The veteran actor continues his hot streak with a supporting role in ‘Three Billboards Outside Ebbing, Missouri’

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There’s a scene in “Three Billboards Outside Ebbing, Missouri” that sums up the tone of the movie, its mixture of light and dark, comic and tragic.

Woody Harrelson’s character has written a series of letters, their subject matter quite serious, and Harrelson is reading them aloud in voiceover. But rather than stern or foreboding, his tone is friendly and warm, in that familiar Texas Woody drawl, the same one you remember from his days as a goofy bartender on “Cheers.” It’s a perfect encapsulation of the spirit of the movie.

To hear Woody tell it, it happened almost by accident.

“That was a thing that happened very fast,” Harrelson says by phone during a recent call from Los Angeles. “I had just wrapped, I was literally, physically on my way out the door, and they said, ‘Hey Woody, one more thing! There’s these three letters you’ve got to read!’ And I was like, ‘You’ve gotta be kidding me.’ So I just read ’em real quick, boom boom boom, and that was it, they were done. And it’s amazing, because those are probably my favorite part of the character in the movie.”

The lesson, he says, is not to overthink things. It’s a lesson he tries to abide by, and one that has treated him well in his 30-plus year career as one of the world’s most recognizable actors.

Since his days on “Cheers” where he played, yep, Woody, Harrelson has enjoyed a fruitful and widely varied career, appearing in broad co medies (“White Men Can’t Jump,” “Kingpin,” “Zombieland”), romantic dramas (“Indecent Proposal”), action hits (“Money Train”), political thrillers (“Welcome to Sarajevo”), massive teen lit franchises (“The Hunger Games”), you name it.

He was serial killer Mickey Knox in Oliver Stone’s “Natural Born Killers,” part of the ensemble cast of Terrence Malick’s wartime drama “The Thin Red Line,” and played a bounty hunter in the Coen Brothers’ “No Country for Old Men.” Twice he’s been nominated for Oscars, for playing Larry Flynt in “The People vs. Larry Flynt” (he’s still good friends with the Hustler publisher, whom he calls “delightful company”) and for his role as an Army captain who delivers death notifications to families of fallen soldiers in “The Messenger.”

In recent years, he’s been on a roll, after appearing in the widely acclaimed first season of HBO’s “True Detective.” Last year he was a high school teacher in “The Edge of Seventeen,” this summer he was a crazy colonel in “War for the Planet of the Apes” and currently, he plays Lyndon Johnson in “LBJ.” Now he has “Three Billboards,” which opens in area theaters today. (It’s his second film with director Martin McDonagh, following 2012’s “Seven Psychopaths.”)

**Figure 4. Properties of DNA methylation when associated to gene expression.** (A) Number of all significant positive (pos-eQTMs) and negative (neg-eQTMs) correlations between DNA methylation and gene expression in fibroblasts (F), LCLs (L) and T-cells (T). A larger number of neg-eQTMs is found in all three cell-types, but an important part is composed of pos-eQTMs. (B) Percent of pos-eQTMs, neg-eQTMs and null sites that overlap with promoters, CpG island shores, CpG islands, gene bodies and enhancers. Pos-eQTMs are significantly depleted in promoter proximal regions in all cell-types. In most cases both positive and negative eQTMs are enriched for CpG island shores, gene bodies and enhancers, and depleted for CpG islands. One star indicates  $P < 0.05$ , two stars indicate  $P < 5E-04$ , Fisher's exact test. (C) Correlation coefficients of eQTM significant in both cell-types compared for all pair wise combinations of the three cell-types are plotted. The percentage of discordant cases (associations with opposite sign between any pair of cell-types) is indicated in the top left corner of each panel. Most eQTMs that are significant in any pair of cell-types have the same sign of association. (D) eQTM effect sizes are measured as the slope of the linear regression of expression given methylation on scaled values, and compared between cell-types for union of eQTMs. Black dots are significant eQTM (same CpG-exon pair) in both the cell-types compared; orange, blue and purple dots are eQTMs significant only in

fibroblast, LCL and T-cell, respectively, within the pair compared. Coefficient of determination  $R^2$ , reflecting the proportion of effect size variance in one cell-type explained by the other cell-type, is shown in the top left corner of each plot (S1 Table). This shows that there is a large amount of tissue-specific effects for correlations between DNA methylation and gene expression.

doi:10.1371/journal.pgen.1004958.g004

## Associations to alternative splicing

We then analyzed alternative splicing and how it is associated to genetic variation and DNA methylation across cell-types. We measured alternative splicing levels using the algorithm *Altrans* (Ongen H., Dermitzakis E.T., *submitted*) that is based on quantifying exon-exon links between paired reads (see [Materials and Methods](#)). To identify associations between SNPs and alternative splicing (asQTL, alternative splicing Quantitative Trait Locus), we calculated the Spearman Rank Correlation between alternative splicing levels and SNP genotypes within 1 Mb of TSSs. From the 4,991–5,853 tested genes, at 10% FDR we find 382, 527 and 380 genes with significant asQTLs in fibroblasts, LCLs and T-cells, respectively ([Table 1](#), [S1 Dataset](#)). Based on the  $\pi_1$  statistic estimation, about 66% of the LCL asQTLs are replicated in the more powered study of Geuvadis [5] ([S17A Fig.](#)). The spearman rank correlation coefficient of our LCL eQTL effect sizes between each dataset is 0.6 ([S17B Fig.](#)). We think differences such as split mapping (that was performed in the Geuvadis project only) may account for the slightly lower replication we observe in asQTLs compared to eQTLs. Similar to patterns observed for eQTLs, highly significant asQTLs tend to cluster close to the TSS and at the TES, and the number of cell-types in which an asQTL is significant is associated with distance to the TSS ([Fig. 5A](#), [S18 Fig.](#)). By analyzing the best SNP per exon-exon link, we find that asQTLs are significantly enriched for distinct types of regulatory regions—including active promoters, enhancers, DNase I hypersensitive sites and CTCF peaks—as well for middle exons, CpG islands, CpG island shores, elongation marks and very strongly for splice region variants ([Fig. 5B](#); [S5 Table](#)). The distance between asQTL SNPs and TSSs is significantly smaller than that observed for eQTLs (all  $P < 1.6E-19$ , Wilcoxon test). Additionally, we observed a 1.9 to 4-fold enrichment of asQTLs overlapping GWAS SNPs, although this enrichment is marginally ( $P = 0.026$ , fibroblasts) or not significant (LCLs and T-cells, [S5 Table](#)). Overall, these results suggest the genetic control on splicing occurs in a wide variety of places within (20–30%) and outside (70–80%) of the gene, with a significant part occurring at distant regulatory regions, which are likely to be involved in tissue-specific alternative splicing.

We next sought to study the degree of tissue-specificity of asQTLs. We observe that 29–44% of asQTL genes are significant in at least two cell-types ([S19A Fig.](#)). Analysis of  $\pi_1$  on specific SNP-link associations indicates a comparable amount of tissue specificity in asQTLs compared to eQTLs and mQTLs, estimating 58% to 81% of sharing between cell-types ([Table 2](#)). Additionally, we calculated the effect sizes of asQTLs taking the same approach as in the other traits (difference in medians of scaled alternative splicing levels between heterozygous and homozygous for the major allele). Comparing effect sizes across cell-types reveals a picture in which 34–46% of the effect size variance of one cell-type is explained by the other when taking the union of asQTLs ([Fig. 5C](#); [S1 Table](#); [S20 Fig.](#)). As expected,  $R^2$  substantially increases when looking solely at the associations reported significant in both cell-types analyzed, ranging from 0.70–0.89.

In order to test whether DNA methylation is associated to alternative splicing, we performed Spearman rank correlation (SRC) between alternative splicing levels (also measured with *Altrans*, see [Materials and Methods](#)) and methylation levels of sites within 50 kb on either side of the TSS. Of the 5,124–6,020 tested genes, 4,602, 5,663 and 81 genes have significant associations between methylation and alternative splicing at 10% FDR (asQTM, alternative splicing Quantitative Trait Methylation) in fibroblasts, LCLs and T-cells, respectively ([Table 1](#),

“Ah, jeez, things couldn’t be better,” says the 56-year-old Harrelson, who was born in Texas and spent his teen years in the Cincinnati area. “It’s shocking how good things are going. But I haven’t been home since January, so there’s a price to pay, and I think I’d like to find a little better balance.”

Harrelson has been working steadily for the last 15 or so years, following a break he took in the late ’90s and early ’00s. During that period he spent a lot of time in Costa Rica, hanging out with his family and kicking back.

“It was one of the best periods of my life,” he says. But when he returned to work, he paid the cost.

“I didn’t find the marching band and the trumpets and what I hoped for. I felt completely forgotten,” he says. “It was hard getting work for awhile.”

He rolled with it, appearing in films such as Spike Lee’s “She Hate Me” and the tropical-set Brett Ratner heist flick “After the Sunset,” building back his resume. After landing in “No Country for Old Men” in 2007, he’s been go-go-go ever since.

“I don’t know how these things happen,” says Harrelson. “You get a movie that works, and suddenly people want you. But I wouldn’t want to step away again, it’s not so easy to get your feet back under you.”

That’s not an immediate concern. Looking to next year, he’ll be in a little movie called “Solo: A Star Wars Story,” which is all but guaranteed to be the biggest movie of his career. He’s currently on break until January, enjoying the holiday season with his family, which includes his wife and three daughters.

“I’m pretty jazzed about that,” says Harrelson, who namechecks “Zombieland,” “The Messenger” and “Kingpin” as a few of his signature roles. “I definitely like to live life a little bit as opposed to just tellin’ stories. Which I’m lucky to be able to do, but I’m psyched to just live my life and be home for awhile.”

And with “Three Billboards,” he’s doing what he wants to do: make quality movies with quality people.

“I thought it would be good,” Harrelson says, and then the movie received a seven-minute standing ovation after its premiere in Venice. “It makes you really understand how long a minute is,” he says, sounding just like Woody from “Cheers.”

agraham@detroitnews.com

(313) 222-2284

@grahamorama

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